\[p(\theta  D) \propto \left(1+\frac{1}{\nu}(\theta  \mu)^T \Sigma^{1}(\theta  \mu)\right)^{(\nu + \mathrm{dim}(\theta))/2}\]This is a simple example, and we can actually sample from a Studentt rather easily. Nevertheless, let’s go ahead and use it to implement Laplace’s method in JAX. Let’s set the values of the constants in the Studentt:
\[\mu = \begin{pmatrix} 0.5 \\ 2 \end{pmatrix} \\ \Sigma = \begin{pmatrix} 1 & 0.5 \\ 0.5 & 1 \end{pmatrix} \\ \nu = 7\]First, let’s plot the log posterior:
# choose some values for the Studentt
sigma = np.array([(1.0, 0.5), (0.5, 1.0)])
mu = np.array([0.5, 2.0])
nu = np.array([7])
sigma_inv = np.linalg.inv(sigma)
def log_posterior(theta):
return np.log(
1.0 + nu ** 1.0 * np.dot((theta  mu), np.dot(sigma_inv, (theta  mu).T).T)
) * (0.5 * (nu + theta.shape[0]))
# plot the distribution
x = np.linspace(10, 10, 100)
y = np.linspace(10, 10, 100)
X, Y = np.meshgrid(x, y)
XY = np.stack((X, Y)).reshape(2, 10000).T
Z = vmap(log_posterior, in_axes=0)(XY).reshape(100, 100)
fig, ax = plt.subplots()
ax.contourf(X, Y, Z)
ax.set_xlabel(r"$\theta_0$")
_ = ax.set_ylabel(r"$\theta_1$")
Now let’s implement Laplace’s method in JAX:
from jax import hessian
from scipy.optimize import minimize
from scipy.stats import multivariate_normal
@jit
def negative_log_posterior(theta):
# negative log posterior to minimise
return (np.log(
1.0 + nu ** 1.0 * np.dot((theta  mu), np.dot(sigma_inv, (theta  mu).T).T)
) * (0.5 * (nu + theta.shape[0])))[0]
@jit
def grad_negative_log_posterior(theta):
# gradient of the negative log posterior
return grad(negative_log_posterior)(theta)
@jit
def approx_covariance_matrix(theta):
# evaluate the covariance matrix of the approximate normal
return np.linalg.inv(hessian(negative_log_posterior)(theta))
# go!
theta_star = minimize(
negative_log_posterior,
np.array([0.0, 0.0]),
jac=grad_negative_log_posterior,
method="BFGS"
).x
sigma_approx = approx_covariance_matrix(theta_star)
This is a very short piece of code! I had to define the negative log posterior (and JIT compiled it for speed), since we will minimise this to find \(\theta^*\). Then, I used JAX’s grad
function to differentiate this once, so that we can used a gradientbased optimiser. Next, I used JAX’s hessian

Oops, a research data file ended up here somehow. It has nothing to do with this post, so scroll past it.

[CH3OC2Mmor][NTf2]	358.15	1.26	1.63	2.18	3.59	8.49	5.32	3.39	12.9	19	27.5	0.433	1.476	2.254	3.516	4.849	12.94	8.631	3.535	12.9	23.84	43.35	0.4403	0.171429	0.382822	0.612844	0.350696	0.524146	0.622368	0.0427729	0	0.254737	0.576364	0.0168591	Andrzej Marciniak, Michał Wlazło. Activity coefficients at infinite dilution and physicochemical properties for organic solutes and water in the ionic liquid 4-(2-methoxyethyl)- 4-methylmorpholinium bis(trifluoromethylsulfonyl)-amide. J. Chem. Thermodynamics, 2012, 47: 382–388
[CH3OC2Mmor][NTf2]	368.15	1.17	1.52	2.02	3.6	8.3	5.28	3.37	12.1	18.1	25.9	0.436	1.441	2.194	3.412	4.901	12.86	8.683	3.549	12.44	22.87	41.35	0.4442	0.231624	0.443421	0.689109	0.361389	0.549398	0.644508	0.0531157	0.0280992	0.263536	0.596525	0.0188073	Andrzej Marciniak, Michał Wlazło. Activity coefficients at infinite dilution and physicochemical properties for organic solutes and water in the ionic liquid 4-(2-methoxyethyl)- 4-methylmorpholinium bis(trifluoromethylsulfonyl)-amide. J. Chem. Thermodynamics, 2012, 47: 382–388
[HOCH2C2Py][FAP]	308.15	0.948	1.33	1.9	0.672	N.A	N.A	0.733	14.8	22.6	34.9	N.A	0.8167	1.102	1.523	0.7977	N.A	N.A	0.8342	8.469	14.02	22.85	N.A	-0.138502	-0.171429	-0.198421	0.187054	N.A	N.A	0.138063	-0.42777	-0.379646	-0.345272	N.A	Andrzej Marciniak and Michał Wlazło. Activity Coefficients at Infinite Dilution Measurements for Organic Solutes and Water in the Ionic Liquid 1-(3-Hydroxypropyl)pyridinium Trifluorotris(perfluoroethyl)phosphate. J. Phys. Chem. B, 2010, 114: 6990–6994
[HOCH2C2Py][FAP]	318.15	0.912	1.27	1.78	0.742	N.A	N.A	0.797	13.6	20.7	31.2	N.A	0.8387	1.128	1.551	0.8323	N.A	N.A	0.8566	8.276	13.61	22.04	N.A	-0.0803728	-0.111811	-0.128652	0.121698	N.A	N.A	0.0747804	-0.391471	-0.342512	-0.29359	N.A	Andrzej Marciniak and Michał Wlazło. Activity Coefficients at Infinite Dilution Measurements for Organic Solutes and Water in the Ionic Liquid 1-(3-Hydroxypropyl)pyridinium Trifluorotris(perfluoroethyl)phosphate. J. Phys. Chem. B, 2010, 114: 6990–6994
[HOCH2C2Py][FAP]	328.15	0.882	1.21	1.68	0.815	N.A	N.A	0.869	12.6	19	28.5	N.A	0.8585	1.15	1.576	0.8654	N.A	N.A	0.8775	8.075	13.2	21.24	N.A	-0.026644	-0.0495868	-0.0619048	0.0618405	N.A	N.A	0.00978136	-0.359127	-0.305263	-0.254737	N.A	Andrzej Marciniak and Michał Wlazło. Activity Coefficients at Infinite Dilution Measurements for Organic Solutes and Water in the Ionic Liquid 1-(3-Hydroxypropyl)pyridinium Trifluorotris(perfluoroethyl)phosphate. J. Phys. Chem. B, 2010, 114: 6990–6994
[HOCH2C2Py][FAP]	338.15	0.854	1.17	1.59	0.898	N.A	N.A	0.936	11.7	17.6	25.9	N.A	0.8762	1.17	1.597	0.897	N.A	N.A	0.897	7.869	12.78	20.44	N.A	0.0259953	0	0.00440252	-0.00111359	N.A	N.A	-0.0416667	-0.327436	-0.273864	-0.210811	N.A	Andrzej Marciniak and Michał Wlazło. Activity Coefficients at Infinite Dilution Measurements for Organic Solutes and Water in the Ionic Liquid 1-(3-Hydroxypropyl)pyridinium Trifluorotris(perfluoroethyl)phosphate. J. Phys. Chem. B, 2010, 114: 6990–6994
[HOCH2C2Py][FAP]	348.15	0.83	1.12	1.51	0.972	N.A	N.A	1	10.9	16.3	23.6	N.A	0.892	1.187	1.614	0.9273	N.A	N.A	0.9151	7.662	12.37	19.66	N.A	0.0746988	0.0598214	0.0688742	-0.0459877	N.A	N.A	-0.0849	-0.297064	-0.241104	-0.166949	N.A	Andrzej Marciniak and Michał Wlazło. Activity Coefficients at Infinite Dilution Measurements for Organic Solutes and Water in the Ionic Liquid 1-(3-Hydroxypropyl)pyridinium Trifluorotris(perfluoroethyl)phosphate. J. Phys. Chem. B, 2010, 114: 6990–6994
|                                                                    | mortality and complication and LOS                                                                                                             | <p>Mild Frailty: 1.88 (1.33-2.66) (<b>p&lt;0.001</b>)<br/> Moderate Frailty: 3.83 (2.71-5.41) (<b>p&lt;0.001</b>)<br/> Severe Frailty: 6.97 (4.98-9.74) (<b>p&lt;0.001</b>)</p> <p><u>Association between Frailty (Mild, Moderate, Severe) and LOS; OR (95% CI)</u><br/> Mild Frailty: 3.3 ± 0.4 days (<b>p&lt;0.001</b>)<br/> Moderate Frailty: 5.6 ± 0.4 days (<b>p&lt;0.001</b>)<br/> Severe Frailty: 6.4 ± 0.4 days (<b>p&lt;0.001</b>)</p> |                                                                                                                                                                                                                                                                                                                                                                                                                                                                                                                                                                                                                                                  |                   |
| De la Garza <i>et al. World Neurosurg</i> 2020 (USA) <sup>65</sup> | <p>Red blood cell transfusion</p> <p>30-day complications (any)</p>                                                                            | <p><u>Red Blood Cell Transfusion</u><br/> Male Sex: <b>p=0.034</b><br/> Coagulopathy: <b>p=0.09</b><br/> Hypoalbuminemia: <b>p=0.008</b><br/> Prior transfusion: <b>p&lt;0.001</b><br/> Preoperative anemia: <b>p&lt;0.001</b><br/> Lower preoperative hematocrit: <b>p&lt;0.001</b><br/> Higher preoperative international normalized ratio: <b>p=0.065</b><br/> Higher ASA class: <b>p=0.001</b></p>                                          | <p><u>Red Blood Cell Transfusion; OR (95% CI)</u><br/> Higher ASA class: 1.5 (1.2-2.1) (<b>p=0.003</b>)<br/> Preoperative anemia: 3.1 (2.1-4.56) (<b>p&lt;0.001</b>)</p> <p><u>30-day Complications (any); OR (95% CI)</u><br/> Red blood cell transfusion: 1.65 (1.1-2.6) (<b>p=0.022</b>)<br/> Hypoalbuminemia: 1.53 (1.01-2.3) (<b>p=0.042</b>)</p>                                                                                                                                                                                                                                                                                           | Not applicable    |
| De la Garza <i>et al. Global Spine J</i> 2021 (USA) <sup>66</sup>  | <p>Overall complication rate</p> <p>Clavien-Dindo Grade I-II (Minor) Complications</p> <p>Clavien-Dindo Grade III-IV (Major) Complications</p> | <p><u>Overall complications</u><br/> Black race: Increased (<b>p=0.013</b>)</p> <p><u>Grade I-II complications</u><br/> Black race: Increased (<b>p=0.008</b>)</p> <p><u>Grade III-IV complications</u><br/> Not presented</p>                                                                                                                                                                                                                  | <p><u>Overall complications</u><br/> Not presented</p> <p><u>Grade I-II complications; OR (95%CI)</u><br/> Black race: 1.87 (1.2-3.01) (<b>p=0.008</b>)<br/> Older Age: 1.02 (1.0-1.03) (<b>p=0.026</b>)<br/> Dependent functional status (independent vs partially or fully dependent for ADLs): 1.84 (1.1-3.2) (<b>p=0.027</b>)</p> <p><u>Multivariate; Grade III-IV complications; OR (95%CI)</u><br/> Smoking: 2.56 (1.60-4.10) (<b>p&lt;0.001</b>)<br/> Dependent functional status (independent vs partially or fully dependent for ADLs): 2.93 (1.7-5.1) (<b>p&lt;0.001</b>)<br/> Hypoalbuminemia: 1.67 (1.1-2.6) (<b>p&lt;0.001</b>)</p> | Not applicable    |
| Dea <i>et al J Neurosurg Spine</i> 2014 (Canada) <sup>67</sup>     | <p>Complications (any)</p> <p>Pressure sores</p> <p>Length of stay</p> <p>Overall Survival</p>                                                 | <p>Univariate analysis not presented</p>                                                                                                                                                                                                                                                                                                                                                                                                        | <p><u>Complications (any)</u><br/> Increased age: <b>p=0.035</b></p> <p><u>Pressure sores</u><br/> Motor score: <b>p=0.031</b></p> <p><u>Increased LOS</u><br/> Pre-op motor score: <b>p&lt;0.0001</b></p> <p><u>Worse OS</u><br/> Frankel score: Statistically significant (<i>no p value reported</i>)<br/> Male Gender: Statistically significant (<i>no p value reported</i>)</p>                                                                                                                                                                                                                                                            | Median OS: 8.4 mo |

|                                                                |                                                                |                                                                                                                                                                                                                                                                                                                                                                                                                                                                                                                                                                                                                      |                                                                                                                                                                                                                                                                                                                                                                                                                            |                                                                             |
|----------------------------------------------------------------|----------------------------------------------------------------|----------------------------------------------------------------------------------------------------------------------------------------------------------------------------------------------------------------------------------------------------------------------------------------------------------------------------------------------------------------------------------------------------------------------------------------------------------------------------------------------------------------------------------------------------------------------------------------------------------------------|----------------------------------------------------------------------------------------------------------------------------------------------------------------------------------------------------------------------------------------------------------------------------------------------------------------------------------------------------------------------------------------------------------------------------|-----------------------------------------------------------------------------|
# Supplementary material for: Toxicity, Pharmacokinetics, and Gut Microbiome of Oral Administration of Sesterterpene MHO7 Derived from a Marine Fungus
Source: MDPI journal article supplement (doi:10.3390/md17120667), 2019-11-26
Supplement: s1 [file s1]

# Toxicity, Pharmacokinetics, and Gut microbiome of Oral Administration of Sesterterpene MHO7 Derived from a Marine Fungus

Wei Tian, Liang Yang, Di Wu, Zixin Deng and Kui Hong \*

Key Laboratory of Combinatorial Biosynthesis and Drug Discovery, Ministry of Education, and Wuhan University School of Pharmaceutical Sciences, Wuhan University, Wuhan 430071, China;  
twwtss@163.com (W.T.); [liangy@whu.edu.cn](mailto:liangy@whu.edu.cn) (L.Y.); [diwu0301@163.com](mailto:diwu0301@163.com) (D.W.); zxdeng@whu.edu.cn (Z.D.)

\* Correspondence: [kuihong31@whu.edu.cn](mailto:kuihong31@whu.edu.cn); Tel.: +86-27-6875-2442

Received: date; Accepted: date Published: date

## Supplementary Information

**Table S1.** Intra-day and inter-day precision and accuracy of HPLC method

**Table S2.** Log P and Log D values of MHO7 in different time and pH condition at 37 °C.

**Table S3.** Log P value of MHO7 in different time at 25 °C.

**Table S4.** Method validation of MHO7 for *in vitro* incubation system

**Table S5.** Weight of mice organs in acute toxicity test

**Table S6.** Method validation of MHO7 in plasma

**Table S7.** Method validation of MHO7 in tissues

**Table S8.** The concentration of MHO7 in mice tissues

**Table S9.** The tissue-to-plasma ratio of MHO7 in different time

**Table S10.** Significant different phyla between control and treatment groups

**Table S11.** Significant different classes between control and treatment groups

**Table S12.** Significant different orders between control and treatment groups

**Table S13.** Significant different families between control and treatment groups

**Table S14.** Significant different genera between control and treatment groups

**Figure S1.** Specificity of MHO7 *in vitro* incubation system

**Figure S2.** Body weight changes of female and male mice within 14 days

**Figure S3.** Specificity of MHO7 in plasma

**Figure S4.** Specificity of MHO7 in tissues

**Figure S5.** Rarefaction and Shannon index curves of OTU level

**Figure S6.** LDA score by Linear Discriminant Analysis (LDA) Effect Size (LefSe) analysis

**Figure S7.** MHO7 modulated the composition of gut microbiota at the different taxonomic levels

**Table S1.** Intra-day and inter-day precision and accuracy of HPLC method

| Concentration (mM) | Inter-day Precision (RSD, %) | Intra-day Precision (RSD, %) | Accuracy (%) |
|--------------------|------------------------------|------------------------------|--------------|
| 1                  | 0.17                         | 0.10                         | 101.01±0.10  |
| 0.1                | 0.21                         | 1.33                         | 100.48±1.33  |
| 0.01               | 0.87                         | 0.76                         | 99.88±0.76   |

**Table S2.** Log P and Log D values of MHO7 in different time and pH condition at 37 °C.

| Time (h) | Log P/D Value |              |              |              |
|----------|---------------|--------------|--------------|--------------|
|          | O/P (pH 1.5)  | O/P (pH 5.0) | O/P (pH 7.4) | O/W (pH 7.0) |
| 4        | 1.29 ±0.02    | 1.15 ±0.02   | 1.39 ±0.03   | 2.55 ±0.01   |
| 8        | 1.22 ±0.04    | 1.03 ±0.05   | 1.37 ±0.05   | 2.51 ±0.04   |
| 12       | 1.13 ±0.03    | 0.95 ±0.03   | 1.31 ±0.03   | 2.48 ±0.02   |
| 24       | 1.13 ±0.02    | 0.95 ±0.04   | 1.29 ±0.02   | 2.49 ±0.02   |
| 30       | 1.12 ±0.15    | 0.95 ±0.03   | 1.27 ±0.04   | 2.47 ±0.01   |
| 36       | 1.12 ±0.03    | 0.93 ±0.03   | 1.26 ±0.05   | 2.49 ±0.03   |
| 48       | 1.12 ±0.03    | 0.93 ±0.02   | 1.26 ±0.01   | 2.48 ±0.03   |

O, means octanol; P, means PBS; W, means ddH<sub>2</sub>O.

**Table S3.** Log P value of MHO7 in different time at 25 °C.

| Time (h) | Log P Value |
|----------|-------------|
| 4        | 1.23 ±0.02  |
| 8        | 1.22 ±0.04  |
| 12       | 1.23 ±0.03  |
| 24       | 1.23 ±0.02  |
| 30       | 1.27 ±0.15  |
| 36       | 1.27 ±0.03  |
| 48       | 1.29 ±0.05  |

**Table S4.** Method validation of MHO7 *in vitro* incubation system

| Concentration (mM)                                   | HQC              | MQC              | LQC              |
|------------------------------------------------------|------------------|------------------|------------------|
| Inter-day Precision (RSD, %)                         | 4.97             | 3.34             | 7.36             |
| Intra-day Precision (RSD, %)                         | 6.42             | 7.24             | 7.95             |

function to find the covariance matrix for our approximating normal.
Finally, I used scipy’s minimize
function to find the optimal point \(\theta^*\).
Note that this code is actually rather general! As long as the function negative_log_posterior
can be implemented in a way that JAX can differentiate (which it probably can), then the rest of the code stays exactly the same!
Let’s have a look at how good our normal approximation is:
from scipy.stats import norm
from scipy.stats import t
fig = plt.figure(constrained_layout=True, figsize=(15, 10))
spec = fig.add_gridspec(ncols=2, nrows=2)
fig.subplots_adjust(hspace=0, wspace=0)
ax3 = fig.add_subplot(spec[0, 0])
ax2 = fig.add_subplot(spec[1, 1])
ax1 = fig.add_subplot(spec[1, 0])
contour = ax1.contour(
X, Y, Z / Z.max(), colors="0.4", levels=15, linestyles="", linewidths=3
)
# calculate the density of the approximating Normal distribution
Z_0 = (
multivariate_normal(mean=theta_star, cov=sigma_approx).logpdf(XY).reshape(100, 100)
)
ax1.contour(
X, Y, Z_0 / Z_0.max(), colors="#2c7fb8", levels=15, linestyles="", linewidths=3
)
ax1.set_xlabel(r"$\theta_0$")
ax1.set_ylabel(r"$\theta_1$")
ax2.plot(
norm.pdf(theta_grid, theta_star[1], np.sqrt(sigma_approx[1, 1])),
theta_grid,
c="#2c7fb8",
ls="",
lw=3,
)
ax2.plot(
t.pdf(theta_grid, nu[1], mu[1], np.sqrt(sigma[1, 1])), theta_grid, c="0.4", lw=3
)
ax3.plot(
theta_grid,
norm.pdf(theta_grid, theta_star[0], np.sqrt(sigma_approx[0, 0])),
c="#2c7fb8",
ls="",
lw=3,
label="Laplace",
)
ax3.plot(
theta_grid,
t.pdf(theta_grid, nu[0], mu[0], np.sqrt(sigma[0, 0])),
c="0.4",
lw=3,
label="Exact",
)
ax3.legend()
ax2.xaxis.set_visible(False)
ax3.yaxis.set_visible(False)
At least by eye, the approximation seems reasonable. Of course, I have rather cheated here since a Studentt approaches a normal distribution as \(\nu \rightarrow \infty\). Nonetheless, it’s still pleasing to see that the numerical implementation with JAX and scipy works as expected.
Conclusion
Hopefully this post has inspired you to go and play with JAX yourself. There are a ton of interesting applications that I can imagine for this library. Some already exist, such as the numpyro library from Uber, which uses JAX under the hood to perform fast Hamiltonian Monte Carlo. In addition, it’ll be interesting to see how this library is adopted as compared with other popular autodiff frameworks like Tensorflow and Pytorch.

I’m assuming there’s only one maximum, but in reality there might be several if the posterior is multimodal. Multimodality is a pain, and Laplace’s approximation won’t do as well in this case (in fact most methods in Bayesian statistics share this weakness). ↩